It’s been reported that Hughes Oliphant Old passed away today at the age of 83.
A personal friend of his, Travis Fentiman, reported on Facebook: “Dr. Hughes Oliphant Old, affectionately known as Scotti, one of the word’s leading historians of Christian, reformed worship, and a friend, went to be with our Savior at about 10:30 this morning.”
Another friend on Facebook said, “his wife, Mary, and his children, Hannah and Isaac, were with him at home when he peacefully passed into glory.”
UPDATE: Old’s funeral will be held on Tuesday, May 31, 11am at Providence Presbyterian Church (West Lebanon, NH), followed by interment at Christian Street Cemetery in Wilder, VT.
Old brought to life the history of Christian worship in a way few (if any) will ever match, notably through his magnum opus, a seven-volume series straightforwardly titled: The Reading and Preaching of the Scriptures in the Worship of the Christian Church. It is a massive series he launched in 1998 and completed in 2010 at a length of 4,500 pages.
His life and work was a precious gift to the Church and will be for future generations. Old will surely be missed. Here’s a list of individual volumes in his masterful history of preaching and preachers:
- Volume 1: The Biblical Period (1998)
- Volume 2: The Patristic Age (1998)
- Volume 3: The Medieval Church (1999)
- Volume 4: The Age of the Reformation (2002)
- Volume 5: Moderatism, Pietism, and Awakening (2004)
- Volume 6: The Modern Age (2007)
- Volume 7: Our Own Time (2010)
3 thoughts on “Hughes Oliphant Old (1933–2016)”
Thank you for posting this, Tony. Scoti and I have been friends for over 30 years. I, along with many others, will miss him dearly. Tonight he worships in a way beyond anything he learned or taught us or experienced in this life. Remembering Mary and Isaac and Hannah tonight in prayer.
If it is of interest, here are some of my recent experiences with Dr. Old:
He attended an OPC church in New Hampshire that my family began attending last year. He was at public worship every week up until about a month ago. Just before that, a few months ago, he had the honor of baptizing his only grandchild (he is a retired pastor from the PCUSA and wanted ‘to go down with the ship’).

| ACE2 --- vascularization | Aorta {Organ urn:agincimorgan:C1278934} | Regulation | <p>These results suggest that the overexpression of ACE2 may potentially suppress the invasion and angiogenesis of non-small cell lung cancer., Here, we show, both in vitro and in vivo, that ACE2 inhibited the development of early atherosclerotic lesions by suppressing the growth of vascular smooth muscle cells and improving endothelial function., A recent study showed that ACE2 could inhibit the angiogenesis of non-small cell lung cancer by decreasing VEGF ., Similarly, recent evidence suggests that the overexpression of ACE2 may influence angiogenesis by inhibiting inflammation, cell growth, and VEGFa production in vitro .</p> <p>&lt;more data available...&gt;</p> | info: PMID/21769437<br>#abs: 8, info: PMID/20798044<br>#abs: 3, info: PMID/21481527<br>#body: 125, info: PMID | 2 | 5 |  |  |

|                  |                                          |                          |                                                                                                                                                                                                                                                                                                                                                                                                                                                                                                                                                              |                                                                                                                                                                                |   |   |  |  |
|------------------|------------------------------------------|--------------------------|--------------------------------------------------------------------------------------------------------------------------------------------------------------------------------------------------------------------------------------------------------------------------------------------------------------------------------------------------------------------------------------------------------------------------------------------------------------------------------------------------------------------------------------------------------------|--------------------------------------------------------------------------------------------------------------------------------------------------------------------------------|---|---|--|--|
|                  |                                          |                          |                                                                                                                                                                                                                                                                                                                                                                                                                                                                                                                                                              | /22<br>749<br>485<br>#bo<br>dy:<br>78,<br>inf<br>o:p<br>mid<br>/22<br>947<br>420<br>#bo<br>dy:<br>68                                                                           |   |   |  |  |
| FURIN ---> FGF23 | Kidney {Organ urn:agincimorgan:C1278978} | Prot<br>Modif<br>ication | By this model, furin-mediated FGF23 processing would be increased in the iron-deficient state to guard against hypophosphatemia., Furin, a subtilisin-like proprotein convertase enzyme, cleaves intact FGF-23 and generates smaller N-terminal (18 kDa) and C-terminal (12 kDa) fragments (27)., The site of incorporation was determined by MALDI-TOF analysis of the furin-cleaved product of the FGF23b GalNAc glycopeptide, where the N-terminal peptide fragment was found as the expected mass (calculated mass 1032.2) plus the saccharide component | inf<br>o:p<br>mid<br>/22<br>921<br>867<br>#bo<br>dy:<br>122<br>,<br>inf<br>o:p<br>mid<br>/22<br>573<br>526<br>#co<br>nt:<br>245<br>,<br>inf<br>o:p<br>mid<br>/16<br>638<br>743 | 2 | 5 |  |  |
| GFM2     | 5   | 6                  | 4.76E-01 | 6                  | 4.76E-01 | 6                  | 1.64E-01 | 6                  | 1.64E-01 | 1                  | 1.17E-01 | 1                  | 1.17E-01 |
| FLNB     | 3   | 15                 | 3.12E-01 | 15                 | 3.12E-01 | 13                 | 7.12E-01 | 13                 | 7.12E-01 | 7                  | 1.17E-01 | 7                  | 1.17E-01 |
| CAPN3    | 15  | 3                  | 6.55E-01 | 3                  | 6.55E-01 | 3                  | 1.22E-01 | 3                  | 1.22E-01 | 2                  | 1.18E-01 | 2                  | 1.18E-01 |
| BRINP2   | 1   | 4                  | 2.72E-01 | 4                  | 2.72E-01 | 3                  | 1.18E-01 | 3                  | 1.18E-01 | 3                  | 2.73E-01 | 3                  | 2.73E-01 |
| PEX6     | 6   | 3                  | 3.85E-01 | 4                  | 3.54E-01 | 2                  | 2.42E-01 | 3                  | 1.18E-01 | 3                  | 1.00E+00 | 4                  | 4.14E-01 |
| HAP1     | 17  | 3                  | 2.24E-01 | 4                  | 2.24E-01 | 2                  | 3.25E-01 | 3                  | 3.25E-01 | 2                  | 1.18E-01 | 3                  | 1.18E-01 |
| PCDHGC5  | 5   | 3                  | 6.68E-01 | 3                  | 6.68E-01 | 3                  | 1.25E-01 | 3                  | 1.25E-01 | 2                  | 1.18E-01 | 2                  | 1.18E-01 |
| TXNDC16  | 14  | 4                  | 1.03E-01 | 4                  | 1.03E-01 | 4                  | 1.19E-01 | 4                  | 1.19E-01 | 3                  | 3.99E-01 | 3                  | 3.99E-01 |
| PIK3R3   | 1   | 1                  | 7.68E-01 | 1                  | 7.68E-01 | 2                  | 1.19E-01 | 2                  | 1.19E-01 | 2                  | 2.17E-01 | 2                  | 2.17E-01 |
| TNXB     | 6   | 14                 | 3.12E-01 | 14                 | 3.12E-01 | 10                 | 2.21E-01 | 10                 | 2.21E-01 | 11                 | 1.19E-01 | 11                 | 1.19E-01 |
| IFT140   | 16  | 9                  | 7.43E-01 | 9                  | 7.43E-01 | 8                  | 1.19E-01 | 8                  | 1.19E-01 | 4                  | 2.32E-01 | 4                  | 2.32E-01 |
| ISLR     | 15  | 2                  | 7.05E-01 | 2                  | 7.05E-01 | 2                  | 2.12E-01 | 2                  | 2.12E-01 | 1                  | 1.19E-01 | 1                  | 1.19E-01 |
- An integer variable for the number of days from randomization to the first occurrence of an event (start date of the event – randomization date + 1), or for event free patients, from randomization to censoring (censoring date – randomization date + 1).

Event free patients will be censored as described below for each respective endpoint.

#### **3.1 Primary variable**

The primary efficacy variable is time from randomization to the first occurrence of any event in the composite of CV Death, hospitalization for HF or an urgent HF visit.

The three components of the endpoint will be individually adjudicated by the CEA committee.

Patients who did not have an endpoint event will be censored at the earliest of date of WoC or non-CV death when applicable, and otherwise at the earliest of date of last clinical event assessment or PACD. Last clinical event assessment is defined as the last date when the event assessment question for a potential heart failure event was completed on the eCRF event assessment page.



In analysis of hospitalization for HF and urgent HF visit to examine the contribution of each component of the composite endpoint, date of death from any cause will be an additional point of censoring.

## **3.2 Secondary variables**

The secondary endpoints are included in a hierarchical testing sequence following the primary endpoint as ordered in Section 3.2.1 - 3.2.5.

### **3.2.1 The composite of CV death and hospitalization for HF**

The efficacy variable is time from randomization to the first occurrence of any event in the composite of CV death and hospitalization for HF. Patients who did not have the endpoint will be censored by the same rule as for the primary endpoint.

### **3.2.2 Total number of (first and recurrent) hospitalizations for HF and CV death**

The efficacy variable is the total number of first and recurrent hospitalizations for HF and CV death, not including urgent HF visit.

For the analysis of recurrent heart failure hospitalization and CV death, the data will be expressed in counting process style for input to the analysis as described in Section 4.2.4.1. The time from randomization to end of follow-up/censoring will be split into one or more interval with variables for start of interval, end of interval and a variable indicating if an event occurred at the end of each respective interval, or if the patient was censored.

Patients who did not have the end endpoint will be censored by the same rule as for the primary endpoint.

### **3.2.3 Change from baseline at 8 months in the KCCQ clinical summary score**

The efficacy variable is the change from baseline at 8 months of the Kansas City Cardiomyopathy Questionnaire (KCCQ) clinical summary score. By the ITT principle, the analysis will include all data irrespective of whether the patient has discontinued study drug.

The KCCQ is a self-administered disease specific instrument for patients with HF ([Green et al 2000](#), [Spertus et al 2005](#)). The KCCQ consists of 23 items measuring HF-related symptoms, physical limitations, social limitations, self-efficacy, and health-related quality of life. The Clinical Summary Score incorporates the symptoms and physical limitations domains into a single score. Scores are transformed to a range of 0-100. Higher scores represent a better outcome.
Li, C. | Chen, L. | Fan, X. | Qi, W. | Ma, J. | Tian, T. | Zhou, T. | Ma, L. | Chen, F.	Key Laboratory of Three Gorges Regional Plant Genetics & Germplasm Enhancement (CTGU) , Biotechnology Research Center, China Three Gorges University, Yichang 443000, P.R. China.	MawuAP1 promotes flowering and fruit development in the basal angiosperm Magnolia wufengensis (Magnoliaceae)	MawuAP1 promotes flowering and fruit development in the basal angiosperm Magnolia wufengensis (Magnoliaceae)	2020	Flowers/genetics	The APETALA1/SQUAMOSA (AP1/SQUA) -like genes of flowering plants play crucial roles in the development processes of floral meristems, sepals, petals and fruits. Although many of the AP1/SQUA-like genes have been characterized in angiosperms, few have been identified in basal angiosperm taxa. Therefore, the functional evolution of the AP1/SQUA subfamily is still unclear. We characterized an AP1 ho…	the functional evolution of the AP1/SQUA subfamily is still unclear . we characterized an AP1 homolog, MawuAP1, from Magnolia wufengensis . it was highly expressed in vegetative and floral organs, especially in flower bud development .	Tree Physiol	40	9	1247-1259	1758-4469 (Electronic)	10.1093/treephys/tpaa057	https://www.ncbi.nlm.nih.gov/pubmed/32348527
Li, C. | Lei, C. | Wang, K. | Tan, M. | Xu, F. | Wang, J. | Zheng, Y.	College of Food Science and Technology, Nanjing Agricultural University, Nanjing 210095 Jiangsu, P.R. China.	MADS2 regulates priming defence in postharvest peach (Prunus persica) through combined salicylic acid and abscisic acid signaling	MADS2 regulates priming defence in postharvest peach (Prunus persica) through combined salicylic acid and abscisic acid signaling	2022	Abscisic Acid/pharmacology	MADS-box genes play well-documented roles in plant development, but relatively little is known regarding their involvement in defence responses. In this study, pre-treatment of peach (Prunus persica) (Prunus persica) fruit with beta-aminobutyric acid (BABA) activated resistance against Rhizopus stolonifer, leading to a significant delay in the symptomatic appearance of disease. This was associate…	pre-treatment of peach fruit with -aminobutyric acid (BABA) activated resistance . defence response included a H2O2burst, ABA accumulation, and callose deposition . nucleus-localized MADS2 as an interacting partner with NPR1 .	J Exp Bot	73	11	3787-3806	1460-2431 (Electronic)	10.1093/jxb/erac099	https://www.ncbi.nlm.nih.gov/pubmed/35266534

He loved children and took a special liking for my two little ones. He was especially fond of my little, 1.5 year old Matthew Henry, and told me affectionately of the story of how he first found out about Matthew Henry (of old). When visited him in his home about 3 weeks ago, the first thing he did was (as they came up to see him and hugged him) bless them. He said he wanted to because that is what Jesus did, taking little ones into his arms and blessing them.
Later, lil’ Matthew Henry was saying ‘truck’, ‘truck’ as he saw trucks go by on the street outside through the window (trucks are his favorite toy). Then he would say ‘bye-bye’ when they went by. Dr. Old (being mostly blind), said ‘bye-bye’, thinking that he was leaving. Annie, my bride, told him that he was just saying bye-bye to the trucks passing through the window. As Matthew Henry then said ‘bye-bye’, each time Dr. Old said ‘Bye-bye truck!’
He spent his last amount of time when he was able to work, editing up previously published books and articles of his, which Mary, his bride helped him greatly with, as Dr. Old has been mostly blind for the last few years. He said months ago that he was going to try and start writing another book, on Christ and the arts.
Life had become dreary and tiring for him in the end (with the infirmities of old age), and so we sought to cheer him up the best we could when we would see him. He always wanted to talk theology, and looked forward to it, though he was very friendly in conversation besides this. He had to go the hospital a few months back. The nurse said that he was very out of it (not coherent). While he was rather unaware of his surroundings (being mostly blind), I can testify that he was very with it, as he simply was talking about what was on his mind: historical theology (something nurses don’t always clue in on).
In the last year that I was graced to be with him, the thing that strikes me the most about him was his evident, sincere faith and love for God.
‘And all the days of Hughes Old were 30,358 days; and he died.’
‘So teach us to number our days, that we may apply our hearts unto wisdom.’